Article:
"It's time to start farming differently," Leary says. "The more land we destroy, the more we contribute to climate change, and the more smallholder farmers are hit with the effects of climate change. It's time to embrace a regenerative polyculture approach to farming rather than monocrop intensification."
At Trees for the Future, Leary and staff are training smallholder farmers in just that. The Forest Garden Approach is a regenerative agroforestry method that emphasizes protecting the land, diversifying crops, and optimizing space.
With Forest Gardens, farmers are protecting the soil and planting thousands of trees so that rainwater can be redirected back into the ground as opposed to running off the land or quickly evaporating. They're supporting the natural processes of the land, allowing biodiversity to flourish.
Where before they were contributing to climate change by clearing land and feeling the pains of climate change with each meager harvest, they are now combating environmental harms and protecting themselves from its effects through innovative solutions and a diversified crop portfolio.
"If you hit a drought and you're only growing one water-intensive crop, you're going to lose everything," says Leary. "But with a Forest Garden, you have a more stable micro-environment and a diverse array of crops with varying levels of hardiness to weather the drought."
Farming is Failing Public Health Too, But There is Something We Can Do
Where monocropping and agriculture practices have failed the environment, they've also failed to achieve the main goal of farming: to feed people.
"Ultimately we need to say what's the food system for? And it's to feed people well, not just feed people, but feed people well. And at the moment it's not really doing that," Garnett says.
Despite there being enough food on the planet to feed the global population, food is disproportionately dispersed and nutrient-rich diets are few and far between in the developing world. But the Forest Garden Approach addresses that too. With a diverse mix of food on their own property, Forest Garden farmers gain access to nutrient-rich foods.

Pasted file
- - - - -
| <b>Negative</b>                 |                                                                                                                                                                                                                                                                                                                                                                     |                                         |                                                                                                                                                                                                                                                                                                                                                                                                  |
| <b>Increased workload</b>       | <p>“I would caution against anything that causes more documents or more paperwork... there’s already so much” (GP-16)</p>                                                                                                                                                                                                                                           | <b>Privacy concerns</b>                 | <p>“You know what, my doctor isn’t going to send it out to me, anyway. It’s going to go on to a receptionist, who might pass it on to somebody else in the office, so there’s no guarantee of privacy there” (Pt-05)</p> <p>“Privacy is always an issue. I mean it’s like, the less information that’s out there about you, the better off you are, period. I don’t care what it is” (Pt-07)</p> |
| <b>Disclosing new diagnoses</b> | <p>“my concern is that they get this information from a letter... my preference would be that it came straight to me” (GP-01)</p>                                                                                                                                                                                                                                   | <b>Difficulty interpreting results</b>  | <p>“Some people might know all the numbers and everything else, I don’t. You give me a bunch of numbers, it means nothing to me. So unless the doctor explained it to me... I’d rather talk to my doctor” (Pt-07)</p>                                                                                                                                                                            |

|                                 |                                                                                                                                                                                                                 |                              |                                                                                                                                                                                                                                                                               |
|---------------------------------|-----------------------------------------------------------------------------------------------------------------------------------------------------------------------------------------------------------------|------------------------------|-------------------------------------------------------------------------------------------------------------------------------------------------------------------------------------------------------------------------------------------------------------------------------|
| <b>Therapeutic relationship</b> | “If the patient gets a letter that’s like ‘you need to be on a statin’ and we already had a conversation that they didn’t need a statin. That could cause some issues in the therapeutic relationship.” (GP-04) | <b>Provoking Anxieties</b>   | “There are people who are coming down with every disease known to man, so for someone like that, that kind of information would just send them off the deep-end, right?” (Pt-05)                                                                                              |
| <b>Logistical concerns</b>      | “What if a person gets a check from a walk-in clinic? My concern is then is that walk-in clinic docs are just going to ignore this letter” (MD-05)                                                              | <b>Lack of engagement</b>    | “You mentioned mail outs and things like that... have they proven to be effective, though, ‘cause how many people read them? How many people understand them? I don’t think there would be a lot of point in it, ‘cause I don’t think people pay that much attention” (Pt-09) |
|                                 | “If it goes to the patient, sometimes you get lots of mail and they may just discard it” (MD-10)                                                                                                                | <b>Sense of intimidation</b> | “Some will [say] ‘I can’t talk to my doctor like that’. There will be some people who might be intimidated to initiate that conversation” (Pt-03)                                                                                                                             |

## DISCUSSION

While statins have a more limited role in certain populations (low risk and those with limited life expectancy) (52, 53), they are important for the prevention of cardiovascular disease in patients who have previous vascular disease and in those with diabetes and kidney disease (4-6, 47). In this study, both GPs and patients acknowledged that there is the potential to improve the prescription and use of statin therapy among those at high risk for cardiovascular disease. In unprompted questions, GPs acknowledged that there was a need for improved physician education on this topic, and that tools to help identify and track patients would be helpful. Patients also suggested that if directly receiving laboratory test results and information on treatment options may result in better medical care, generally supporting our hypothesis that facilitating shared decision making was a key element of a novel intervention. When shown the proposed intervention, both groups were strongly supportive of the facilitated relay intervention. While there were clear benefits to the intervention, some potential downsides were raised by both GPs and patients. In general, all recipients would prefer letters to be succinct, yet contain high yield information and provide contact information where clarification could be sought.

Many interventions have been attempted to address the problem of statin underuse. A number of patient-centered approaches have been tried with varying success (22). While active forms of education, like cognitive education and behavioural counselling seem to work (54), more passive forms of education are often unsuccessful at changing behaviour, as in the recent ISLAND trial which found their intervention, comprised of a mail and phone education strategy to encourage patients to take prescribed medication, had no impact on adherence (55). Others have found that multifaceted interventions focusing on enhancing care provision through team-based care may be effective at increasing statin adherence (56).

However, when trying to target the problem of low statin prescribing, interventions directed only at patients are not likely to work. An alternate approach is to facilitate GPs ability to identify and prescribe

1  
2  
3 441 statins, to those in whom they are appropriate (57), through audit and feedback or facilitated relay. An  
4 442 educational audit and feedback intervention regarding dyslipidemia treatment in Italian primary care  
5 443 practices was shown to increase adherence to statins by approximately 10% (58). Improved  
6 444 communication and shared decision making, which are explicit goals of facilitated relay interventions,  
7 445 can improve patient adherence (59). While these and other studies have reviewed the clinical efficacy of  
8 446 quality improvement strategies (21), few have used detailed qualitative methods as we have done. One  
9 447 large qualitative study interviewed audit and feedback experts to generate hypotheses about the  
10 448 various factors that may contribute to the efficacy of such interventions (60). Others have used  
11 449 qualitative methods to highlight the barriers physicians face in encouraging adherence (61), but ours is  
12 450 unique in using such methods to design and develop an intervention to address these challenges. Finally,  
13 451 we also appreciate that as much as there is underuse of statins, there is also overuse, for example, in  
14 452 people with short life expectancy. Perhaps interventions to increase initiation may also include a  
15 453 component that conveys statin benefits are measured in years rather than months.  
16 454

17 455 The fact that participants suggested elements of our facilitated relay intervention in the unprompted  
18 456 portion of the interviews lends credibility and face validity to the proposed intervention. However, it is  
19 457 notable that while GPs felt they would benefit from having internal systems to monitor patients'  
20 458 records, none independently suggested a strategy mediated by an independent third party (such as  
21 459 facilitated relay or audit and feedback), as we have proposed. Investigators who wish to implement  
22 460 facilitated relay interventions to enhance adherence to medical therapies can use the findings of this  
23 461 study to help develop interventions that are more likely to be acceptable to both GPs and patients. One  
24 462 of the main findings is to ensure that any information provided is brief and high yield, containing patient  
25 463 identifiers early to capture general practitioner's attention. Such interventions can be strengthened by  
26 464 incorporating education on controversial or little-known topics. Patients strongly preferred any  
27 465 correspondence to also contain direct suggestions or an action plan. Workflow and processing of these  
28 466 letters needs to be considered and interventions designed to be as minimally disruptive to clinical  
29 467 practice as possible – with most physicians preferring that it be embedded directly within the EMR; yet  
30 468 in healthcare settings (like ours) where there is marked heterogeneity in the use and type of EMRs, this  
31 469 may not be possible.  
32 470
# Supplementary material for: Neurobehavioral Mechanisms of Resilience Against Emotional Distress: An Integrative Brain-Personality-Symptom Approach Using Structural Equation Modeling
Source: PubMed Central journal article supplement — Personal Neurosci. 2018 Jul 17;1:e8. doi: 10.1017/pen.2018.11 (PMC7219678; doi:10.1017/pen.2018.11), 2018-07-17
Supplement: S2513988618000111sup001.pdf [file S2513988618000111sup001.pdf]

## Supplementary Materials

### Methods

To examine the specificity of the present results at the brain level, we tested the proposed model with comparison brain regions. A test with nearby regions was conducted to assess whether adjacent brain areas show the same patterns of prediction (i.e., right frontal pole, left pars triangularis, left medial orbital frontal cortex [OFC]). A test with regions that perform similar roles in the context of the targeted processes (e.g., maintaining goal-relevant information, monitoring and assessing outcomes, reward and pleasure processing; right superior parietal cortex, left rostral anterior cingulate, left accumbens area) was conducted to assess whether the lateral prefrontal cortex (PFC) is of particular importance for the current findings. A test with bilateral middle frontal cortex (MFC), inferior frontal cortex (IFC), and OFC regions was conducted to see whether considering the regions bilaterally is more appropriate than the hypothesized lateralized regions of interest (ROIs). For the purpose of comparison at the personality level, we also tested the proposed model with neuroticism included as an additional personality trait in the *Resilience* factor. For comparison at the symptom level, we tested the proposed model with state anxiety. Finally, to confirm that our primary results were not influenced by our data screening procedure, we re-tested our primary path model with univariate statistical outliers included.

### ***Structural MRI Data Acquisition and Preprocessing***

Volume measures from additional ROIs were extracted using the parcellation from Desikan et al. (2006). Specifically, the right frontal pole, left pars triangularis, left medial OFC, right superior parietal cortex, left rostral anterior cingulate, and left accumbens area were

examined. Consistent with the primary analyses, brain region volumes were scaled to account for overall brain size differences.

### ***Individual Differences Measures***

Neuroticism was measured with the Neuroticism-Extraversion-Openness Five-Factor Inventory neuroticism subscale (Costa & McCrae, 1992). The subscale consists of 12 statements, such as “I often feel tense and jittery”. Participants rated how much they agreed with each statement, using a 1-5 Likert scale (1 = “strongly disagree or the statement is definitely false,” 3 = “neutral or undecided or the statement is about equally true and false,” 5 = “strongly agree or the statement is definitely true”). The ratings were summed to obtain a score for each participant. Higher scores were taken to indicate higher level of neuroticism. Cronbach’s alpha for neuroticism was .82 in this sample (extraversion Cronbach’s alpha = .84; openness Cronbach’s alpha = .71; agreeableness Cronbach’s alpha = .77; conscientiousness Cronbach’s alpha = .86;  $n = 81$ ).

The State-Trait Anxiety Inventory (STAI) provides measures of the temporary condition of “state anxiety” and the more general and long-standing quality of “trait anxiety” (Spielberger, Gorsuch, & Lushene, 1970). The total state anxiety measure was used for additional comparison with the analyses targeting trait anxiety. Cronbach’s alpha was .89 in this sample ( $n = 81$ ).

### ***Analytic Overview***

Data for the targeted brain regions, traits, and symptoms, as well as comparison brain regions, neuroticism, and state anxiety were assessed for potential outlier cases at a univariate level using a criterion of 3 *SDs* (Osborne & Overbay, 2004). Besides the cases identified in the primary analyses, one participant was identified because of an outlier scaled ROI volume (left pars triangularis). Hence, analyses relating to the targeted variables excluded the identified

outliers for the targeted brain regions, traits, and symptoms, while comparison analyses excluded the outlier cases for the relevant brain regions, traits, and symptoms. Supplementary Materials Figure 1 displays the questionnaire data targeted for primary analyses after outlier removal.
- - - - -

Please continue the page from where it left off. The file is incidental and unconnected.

"Regenerative agriculture isn't just the solution for our planet, it's the solution for the millions of people living in hunger and poverty as well," says Leary. "A few companies are profiting from the agriculture industry, while the rest of us pay the price through hunger, poverty, and a warming planet."
All these effects considered, you'd think there'd be more conversations about the agriculture industry and its repercussions. On the contrary, a recent study found that the majority of Americans are not talking about the impact of food and diet on the environment and most have not heard about the issue in the media. Overall, Garnett cites politics and policy as the major barrier in the food debate.
"We need economic instruments, we need regulation, we need actual intervention in the market," she says.
Until those policy changes happen, Leary says Trees for the Future will continue working toward change at a grassroots level.
"We're working with tens of thousands of farmers across sub-Saharan Africa to establish Forest Gardens and create the change in farming and the food system that we need so badly," Leary says. "Yes, it's frustrating that policy cannot or will not move at the same pace as organizations like ours, but with support from our donors and partners, we can continue to make great change for people and the planet."